I customized the CSS and some of the functions. I sinned heavily by patching the original template, rather than using a child theme, but that is just because I made so many changes. On top of that, for my main blogs, “speed” is important, I did not want every page refresh to read several CSS files. So patching, it was. I will live with the fact that I can not upgrade the template automatically later on, but hey, I learned that upgrading templates is always a pain, and often causes more problems than it is worth. So I avoid theme upgrades like the pest. My opinion, punto.

One of the main challenges I faced was that the template, by default, puts the first image if finds in the post as a thumbnail on the home and archive pages. And often that image was junk (a “Retweet” button, or a Feedburner “Email this” image).. So I had to tweak all my Yahoo Pipes feeds to delete those images. Took me a week. Some feeds were too complex to delete all images, so for some of the blogs, I just disabled the thumbnails in the template. I mean, I got to sleep too, so can’t keep on tuning all feeds to find all kinds of combinations of dummy images..

Maybe that will be work for next Xmas!

11. Installing the mobile theme

And to finish it all in beauty, I installed a plugin to enable a mobile theme to be displayed when visitors access my blog using a mobile phone.

12. And here is the end result of about four weeks of work:

From Tumblr to WordPress

From Tumblr to WordPress. With Love

Check them out on your mobile. Browse through the posts to see if you like the download speed (remember the homepage and archives are not cached, and thus a bit slower!):  AidNews, AidResources, News On Green, AidBlogs, The NonProfit Blogs, The Weird Bit and Blogging Today.
You like?

Cartoon courtesy Mark Lowe

8 Comments to “How I moved 350,000 blogposts from Tumblr to WordPress”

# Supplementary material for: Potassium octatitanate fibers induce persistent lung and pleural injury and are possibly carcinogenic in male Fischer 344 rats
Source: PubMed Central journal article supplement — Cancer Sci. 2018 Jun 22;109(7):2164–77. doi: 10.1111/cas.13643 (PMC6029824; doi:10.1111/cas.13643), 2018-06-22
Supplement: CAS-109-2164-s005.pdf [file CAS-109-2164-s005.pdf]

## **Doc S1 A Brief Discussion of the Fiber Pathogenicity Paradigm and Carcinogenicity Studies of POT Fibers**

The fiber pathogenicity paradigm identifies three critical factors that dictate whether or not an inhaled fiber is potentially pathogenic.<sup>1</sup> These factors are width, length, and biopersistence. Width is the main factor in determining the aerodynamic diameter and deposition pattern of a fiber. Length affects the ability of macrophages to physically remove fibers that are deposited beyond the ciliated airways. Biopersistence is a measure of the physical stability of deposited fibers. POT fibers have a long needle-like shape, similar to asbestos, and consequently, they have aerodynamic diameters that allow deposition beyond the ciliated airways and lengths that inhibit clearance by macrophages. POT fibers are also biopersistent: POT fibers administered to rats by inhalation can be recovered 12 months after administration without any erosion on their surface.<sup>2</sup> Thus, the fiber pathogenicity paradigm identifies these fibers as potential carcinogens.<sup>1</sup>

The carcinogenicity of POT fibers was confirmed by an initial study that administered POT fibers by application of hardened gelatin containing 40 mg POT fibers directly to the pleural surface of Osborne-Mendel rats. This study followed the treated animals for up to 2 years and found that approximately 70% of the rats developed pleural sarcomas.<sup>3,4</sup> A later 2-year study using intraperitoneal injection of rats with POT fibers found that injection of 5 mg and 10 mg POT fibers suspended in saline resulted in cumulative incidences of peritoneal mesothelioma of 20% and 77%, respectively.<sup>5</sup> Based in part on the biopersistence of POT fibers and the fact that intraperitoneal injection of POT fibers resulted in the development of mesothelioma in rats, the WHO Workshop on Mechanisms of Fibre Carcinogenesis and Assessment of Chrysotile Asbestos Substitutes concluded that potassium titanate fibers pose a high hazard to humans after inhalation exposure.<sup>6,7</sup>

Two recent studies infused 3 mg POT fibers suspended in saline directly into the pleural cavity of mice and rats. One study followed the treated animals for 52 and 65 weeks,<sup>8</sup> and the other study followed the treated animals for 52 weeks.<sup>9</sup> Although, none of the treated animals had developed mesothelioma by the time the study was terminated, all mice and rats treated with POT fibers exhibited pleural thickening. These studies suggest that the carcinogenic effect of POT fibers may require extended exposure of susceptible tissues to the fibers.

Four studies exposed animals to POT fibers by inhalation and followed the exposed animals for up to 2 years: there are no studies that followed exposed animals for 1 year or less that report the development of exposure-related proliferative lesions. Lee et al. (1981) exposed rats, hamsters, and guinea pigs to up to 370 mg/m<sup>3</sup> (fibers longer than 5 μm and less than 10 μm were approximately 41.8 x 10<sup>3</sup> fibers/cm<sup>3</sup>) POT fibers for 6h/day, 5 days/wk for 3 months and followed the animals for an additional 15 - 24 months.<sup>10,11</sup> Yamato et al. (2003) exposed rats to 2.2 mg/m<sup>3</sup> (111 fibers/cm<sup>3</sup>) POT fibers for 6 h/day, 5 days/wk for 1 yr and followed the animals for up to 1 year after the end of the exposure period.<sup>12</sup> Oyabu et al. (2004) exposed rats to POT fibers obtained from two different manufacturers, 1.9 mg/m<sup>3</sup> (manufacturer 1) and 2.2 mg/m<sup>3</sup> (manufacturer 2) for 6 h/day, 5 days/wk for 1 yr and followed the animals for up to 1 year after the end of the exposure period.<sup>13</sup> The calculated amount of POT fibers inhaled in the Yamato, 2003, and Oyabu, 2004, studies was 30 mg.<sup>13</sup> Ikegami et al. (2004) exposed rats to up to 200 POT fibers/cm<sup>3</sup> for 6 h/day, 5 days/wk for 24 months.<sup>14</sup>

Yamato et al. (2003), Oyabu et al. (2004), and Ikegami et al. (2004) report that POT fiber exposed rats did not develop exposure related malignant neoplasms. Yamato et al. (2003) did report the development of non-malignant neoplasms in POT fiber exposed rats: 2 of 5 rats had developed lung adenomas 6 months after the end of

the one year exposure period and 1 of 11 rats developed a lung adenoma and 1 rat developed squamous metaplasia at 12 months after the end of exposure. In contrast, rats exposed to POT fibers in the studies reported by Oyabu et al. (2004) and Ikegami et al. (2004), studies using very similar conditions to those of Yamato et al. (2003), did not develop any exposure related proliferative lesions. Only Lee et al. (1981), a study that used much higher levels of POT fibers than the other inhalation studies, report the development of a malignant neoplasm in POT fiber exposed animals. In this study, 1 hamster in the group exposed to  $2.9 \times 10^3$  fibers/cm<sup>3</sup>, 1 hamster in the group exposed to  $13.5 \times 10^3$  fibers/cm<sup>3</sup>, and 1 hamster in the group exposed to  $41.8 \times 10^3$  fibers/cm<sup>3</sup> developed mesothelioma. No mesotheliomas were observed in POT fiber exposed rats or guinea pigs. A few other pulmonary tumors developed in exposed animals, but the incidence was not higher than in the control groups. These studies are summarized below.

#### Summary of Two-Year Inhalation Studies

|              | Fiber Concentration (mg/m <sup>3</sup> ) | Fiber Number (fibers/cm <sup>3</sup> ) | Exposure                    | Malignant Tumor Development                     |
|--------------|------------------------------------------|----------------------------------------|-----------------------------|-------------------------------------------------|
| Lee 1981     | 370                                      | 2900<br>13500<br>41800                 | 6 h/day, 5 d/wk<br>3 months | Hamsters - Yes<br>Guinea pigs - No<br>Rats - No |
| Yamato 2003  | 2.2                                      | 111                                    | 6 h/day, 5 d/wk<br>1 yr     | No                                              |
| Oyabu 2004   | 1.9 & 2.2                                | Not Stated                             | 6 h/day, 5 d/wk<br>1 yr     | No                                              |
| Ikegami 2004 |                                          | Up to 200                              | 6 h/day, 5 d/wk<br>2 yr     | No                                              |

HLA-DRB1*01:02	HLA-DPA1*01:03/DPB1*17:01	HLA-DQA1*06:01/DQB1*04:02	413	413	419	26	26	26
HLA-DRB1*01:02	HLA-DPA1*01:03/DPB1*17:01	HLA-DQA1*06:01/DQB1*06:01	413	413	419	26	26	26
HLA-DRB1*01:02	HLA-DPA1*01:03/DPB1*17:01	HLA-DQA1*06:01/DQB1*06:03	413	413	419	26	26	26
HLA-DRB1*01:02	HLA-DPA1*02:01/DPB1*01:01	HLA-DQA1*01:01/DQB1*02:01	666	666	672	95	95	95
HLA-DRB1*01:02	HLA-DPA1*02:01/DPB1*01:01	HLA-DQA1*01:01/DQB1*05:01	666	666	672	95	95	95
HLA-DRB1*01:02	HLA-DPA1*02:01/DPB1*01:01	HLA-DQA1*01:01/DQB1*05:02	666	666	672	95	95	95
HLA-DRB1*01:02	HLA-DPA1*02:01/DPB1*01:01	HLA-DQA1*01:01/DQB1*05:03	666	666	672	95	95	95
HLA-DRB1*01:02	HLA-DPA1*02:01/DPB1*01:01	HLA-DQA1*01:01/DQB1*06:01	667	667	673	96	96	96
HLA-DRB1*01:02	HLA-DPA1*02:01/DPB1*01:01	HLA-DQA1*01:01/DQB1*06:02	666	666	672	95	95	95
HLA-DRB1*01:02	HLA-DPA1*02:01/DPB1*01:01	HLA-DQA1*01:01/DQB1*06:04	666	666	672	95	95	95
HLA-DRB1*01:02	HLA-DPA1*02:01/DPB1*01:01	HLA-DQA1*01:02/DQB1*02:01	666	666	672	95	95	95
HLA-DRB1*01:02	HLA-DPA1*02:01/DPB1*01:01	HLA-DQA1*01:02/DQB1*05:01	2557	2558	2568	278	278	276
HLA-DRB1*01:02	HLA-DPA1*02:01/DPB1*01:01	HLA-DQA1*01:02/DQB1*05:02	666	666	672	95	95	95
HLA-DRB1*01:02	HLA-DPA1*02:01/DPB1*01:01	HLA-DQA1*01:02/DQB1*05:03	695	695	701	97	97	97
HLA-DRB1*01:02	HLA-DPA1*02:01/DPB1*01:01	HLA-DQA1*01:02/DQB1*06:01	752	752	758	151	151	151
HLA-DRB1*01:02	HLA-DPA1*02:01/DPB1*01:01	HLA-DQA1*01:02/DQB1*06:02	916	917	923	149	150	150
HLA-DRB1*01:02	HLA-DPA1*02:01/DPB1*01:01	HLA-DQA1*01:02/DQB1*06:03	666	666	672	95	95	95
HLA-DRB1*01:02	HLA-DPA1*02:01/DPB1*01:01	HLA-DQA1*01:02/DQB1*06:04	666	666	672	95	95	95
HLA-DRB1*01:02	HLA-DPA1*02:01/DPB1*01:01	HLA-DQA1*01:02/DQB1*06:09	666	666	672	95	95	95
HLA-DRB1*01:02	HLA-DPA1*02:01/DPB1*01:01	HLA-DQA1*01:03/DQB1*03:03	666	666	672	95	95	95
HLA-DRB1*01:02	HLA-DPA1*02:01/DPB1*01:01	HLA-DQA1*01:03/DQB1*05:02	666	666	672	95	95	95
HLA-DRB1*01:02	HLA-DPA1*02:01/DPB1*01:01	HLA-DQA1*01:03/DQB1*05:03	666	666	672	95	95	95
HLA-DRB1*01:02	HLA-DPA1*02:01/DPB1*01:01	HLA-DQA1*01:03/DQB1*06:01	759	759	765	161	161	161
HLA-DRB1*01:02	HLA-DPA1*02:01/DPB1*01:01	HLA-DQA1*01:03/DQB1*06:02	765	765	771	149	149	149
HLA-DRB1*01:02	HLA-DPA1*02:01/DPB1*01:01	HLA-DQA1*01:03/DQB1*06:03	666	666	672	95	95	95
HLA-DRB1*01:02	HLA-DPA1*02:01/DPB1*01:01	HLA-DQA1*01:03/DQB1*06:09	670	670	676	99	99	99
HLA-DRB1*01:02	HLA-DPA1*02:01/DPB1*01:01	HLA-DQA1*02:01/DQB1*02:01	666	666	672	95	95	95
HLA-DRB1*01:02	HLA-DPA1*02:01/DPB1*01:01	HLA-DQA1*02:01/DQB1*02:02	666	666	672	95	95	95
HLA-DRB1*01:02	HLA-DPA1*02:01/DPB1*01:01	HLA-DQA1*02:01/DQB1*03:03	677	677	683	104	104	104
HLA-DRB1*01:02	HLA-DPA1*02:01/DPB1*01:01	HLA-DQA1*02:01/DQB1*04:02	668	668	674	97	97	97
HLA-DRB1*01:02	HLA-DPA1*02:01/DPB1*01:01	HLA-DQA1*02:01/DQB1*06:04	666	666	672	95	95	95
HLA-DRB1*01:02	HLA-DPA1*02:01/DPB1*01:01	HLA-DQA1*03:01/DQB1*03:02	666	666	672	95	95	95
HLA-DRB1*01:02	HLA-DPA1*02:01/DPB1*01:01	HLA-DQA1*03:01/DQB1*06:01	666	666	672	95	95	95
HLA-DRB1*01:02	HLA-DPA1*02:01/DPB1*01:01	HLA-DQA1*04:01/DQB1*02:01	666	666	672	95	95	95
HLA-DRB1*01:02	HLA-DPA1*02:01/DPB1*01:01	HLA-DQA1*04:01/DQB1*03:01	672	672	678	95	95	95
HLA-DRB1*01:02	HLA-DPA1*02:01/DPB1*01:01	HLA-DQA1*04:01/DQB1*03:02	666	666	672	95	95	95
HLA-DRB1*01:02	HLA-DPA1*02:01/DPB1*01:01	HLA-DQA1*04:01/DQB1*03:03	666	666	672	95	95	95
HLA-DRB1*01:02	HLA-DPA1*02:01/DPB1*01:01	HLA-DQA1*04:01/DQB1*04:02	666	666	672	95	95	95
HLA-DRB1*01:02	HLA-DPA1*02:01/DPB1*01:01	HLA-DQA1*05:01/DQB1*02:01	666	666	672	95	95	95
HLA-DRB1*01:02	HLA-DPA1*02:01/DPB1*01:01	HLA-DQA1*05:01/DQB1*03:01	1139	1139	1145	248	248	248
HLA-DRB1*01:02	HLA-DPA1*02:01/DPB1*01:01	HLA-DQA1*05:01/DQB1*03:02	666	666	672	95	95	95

1. Hi Peter,

    I am trying to add the feed-wordpress pluggin to a blog I am working on. However, the feeds I am trying to integrate are delicious feeds fed through feedburner and it is not pulling through the content of the original article… Do you have any idea how to get around this?



    • Peter says:

      Hi Andrew,

      I am not sure what you mean by “pulling through the content of the original article”. There are many variables along the way. Does your Feedburner feed have the content? How is your FWP plugin configured?


      • Peter, thanks for the response. The problem has now been sorted. As the feeds were coming from delicious this was of course were the article content was being pulled from (and of course none existed). We got around this by putting the content in the ‘notes’ section of each tag in delicious – thus there is now content to pull through! If you are interested, when we have finished the blog I will point you in its direction so you can take a look. Your comments would be much appreciated. Thanks, Andrew

        • Peter says:

          I’d be delighted to have a look once it is finished, Andrew!

          BTW: if you want to integrate content from a limited individually selected links (and I would think you only need an excerpt for the content, not the whole content), then Google Reader might also be an option. That is what I use for one of my news aggregators: In my (firefox) browser I use a Shareaholic plugin. On the article, I highlight the section I want as excerpt, and click on the “Google Reader” of the Shareaholic icon. I can then still edit title/content/notes, and then save it.
          Automatically, the article title/excerpt and the link to the original article will appear in my Google Reader shared items feed. Which I then import into WordPress using FWP.
          The advantage of that process is that I never have to leave my browser when I select articles.

          An additional feature is that in my Google Reader, I pull in 100+ different sources, whose articles I can share (from my laptop, iPad, iPhone), one by one into Google Reader, to be added to my feed.

          Only disadvantage is that the Google Reader feed only contains 20 items max, and that it takes about 1 hour before the shared items appear in the feed.



  2. That’s a good tip, thanks!!! Will take a look…

  3. Hammy Havoc says:

    That is a crazy amount of data! Good work on moving all of those.